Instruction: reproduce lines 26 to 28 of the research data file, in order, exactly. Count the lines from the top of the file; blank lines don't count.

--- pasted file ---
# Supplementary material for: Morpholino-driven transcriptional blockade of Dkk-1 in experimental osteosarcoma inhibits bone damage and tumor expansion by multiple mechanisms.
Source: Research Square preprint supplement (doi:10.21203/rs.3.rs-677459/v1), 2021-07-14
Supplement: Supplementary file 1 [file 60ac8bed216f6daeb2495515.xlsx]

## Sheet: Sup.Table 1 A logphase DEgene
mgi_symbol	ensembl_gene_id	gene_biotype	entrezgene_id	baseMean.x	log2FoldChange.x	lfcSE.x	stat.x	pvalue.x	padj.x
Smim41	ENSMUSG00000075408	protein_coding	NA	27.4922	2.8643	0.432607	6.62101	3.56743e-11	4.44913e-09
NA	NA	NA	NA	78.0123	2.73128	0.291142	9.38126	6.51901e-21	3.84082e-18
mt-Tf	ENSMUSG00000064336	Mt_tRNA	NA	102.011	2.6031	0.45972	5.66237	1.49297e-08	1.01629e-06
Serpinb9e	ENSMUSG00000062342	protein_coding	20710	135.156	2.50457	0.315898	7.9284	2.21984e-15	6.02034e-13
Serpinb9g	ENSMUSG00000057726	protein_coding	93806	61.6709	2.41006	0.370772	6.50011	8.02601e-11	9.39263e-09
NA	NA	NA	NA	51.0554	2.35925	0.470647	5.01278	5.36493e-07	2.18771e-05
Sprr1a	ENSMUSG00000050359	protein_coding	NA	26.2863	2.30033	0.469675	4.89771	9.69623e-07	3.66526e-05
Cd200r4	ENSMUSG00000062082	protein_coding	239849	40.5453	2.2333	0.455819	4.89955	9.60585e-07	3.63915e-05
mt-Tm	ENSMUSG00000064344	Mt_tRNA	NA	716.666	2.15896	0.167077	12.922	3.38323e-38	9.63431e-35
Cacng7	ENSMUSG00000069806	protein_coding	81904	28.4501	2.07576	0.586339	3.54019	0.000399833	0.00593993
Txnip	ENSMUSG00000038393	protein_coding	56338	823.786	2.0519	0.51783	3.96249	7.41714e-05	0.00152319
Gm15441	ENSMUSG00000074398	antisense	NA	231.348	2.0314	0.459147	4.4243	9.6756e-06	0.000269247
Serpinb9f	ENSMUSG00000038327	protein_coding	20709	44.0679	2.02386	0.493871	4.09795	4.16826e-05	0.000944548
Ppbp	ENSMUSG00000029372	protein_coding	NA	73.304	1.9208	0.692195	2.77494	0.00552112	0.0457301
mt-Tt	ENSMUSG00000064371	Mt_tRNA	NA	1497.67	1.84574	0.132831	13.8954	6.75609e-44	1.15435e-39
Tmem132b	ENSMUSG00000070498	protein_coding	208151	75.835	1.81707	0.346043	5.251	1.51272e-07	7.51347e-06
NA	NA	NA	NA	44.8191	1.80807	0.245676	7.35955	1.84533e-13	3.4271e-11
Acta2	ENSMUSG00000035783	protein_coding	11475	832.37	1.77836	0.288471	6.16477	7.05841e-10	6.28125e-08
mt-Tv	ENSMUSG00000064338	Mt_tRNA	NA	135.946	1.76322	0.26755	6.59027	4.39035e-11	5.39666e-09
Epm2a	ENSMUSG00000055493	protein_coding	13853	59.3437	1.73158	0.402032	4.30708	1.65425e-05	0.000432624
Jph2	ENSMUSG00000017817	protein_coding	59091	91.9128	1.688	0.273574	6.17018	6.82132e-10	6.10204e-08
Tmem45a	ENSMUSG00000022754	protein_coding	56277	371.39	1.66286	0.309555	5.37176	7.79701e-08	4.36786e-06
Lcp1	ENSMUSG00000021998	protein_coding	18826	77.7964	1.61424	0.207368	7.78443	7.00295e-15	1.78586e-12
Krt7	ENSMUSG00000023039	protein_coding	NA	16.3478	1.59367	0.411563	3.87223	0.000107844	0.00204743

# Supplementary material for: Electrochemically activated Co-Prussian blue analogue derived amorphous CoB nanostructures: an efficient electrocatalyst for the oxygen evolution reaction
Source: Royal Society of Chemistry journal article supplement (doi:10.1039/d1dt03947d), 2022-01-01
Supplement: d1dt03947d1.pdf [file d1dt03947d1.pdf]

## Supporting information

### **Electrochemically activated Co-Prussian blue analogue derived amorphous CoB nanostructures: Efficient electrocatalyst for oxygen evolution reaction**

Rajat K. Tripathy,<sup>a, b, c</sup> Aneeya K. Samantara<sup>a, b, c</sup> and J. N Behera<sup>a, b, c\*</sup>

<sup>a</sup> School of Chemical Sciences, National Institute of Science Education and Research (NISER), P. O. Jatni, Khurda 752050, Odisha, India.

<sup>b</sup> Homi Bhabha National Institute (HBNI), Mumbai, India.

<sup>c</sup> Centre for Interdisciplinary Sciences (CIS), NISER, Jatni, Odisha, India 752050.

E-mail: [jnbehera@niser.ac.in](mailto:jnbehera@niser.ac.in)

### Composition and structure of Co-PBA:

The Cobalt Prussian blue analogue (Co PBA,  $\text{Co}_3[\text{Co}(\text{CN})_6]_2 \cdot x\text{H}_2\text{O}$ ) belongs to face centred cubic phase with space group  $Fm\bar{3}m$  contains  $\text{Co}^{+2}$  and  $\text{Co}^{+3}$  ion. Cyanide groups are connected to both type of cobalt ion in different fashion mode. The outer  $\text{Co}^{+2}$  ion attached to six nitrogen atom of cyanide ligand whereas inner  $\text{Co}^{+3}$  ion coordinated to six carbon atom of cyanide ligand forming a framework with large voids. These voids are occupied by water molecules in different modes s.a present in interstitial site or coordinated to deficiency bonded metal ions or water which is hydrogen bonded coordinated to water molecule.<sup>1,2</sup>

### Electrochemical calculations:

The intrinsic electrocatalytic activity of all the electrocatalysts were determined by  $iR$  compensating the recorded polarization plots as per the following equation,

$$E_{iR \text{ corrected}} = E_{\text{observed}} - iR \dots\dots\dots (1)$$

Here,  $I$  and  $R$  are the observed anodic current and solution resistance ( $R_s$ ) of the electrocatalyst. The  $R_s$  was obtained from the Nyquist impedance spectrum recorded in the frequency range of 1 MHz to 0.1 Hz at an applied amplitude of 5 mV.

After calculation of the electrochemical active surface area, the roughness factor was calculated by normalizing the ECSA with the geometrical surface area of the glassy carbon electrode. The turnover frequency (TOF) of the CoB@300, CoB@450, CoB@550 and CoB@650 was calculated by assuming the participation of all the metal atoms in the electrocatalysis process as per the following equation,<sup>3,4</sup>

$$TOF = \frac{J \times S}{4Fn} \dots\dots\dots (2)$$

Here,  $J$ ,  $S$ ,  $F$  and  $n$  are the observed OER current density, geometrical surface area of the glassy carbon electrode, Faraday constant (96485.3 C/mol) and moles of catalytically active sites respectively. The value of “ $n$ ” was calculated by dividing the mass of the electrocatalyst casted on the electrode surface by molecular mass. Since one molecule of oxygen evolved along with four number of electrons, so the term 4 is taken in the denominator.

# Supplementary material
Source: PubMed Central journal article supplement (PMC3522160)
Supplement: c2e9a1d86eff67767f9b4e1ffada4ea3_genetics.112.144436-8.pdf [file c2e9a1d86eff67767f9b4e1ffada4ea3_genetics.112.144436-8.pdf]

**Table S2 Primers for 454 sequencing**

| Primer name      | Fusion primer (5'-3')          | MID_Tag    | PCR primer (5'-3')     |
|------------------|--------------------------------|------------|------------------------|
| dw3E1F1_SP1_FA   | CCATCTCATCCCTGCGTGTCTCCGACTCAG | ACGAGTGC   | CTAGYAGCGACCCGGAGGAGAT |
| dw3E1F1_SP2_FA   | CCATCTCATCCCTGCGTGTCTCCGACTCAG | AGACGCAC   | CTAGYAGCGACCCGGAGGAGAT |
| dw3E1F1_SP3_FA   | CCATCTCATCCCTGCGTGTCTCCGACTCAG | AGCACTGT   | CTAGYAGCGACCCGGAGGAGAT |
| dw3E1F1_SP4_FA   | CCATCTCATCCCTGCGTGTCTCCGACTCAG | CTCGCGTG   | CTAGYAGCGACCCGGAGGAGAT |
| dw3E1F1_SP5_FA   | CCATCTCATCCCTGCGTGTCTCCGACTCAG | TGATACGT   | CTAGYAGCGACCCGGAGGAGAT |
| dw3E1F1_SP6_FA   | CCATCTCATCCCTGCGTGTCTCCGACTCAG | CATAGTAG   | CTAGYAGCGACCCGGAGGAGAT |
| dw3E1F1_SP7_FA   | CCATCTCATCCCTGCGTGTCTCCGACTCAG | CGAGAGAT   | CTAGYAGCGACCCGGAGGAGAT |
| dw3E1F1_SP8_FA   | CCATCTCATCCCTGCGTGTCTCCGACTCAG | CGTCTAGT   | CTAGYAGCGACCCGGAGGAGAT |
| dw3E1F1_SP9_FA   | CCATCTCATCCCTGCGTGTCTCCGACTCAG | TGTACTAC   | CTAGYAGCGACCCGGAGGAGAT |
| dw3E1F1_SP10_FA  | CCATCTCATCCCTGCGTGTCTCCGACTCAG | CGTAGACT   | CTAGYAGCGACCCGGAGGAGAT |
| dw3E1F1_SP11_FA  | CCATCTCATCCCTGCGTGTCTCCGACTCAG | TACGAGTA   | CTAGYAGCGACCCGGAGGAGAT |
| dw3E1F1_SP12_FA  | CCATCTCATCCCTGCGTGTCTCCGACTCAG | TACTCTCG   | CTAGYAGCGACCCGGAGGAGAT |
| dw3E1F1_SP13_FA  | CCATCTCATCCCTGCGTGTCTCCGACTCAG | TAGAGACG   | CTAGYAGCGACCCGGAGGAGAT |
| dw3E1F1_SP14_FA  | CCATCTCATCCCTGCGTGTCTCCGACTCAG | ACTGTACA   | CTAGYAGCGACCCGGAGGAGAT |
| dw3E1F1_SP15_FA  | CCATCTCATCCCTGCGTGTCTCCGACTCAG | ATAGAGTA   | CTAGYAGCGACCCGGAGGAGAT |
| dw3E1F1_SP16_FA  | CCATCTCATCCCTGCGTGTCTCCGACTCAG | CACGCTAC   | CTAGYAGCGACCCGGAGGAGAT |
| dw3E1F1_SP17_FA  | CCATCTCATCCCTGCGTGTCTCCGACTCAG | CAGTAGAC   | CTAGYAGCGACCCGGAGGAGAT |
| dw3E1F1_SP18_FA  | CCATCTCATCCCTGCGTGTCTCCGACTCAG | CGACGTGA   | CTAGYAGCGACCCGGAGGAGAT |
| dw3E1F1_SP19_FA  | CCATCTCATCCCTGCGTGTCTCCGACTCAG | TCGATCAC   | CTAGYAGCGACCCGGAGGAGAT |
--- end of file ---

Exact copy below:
Jph2	ENSMUSG00000017817	protein_coding	59091	91.9128	1.688	0.273574	6.17018	6.82132e-10	6.10204e-08
Tmem45a	ENSMUSG00000022754	protein_coding	56277	371.39	1.66286	0.309555	5.37176	7.79701e-08	4.36786e-06
Lcp1	ENSMUSG00000021998	protein_coding	18826	77.7964	1.61424	0.207368	7.78443	7.00295e-15	1.78586e-12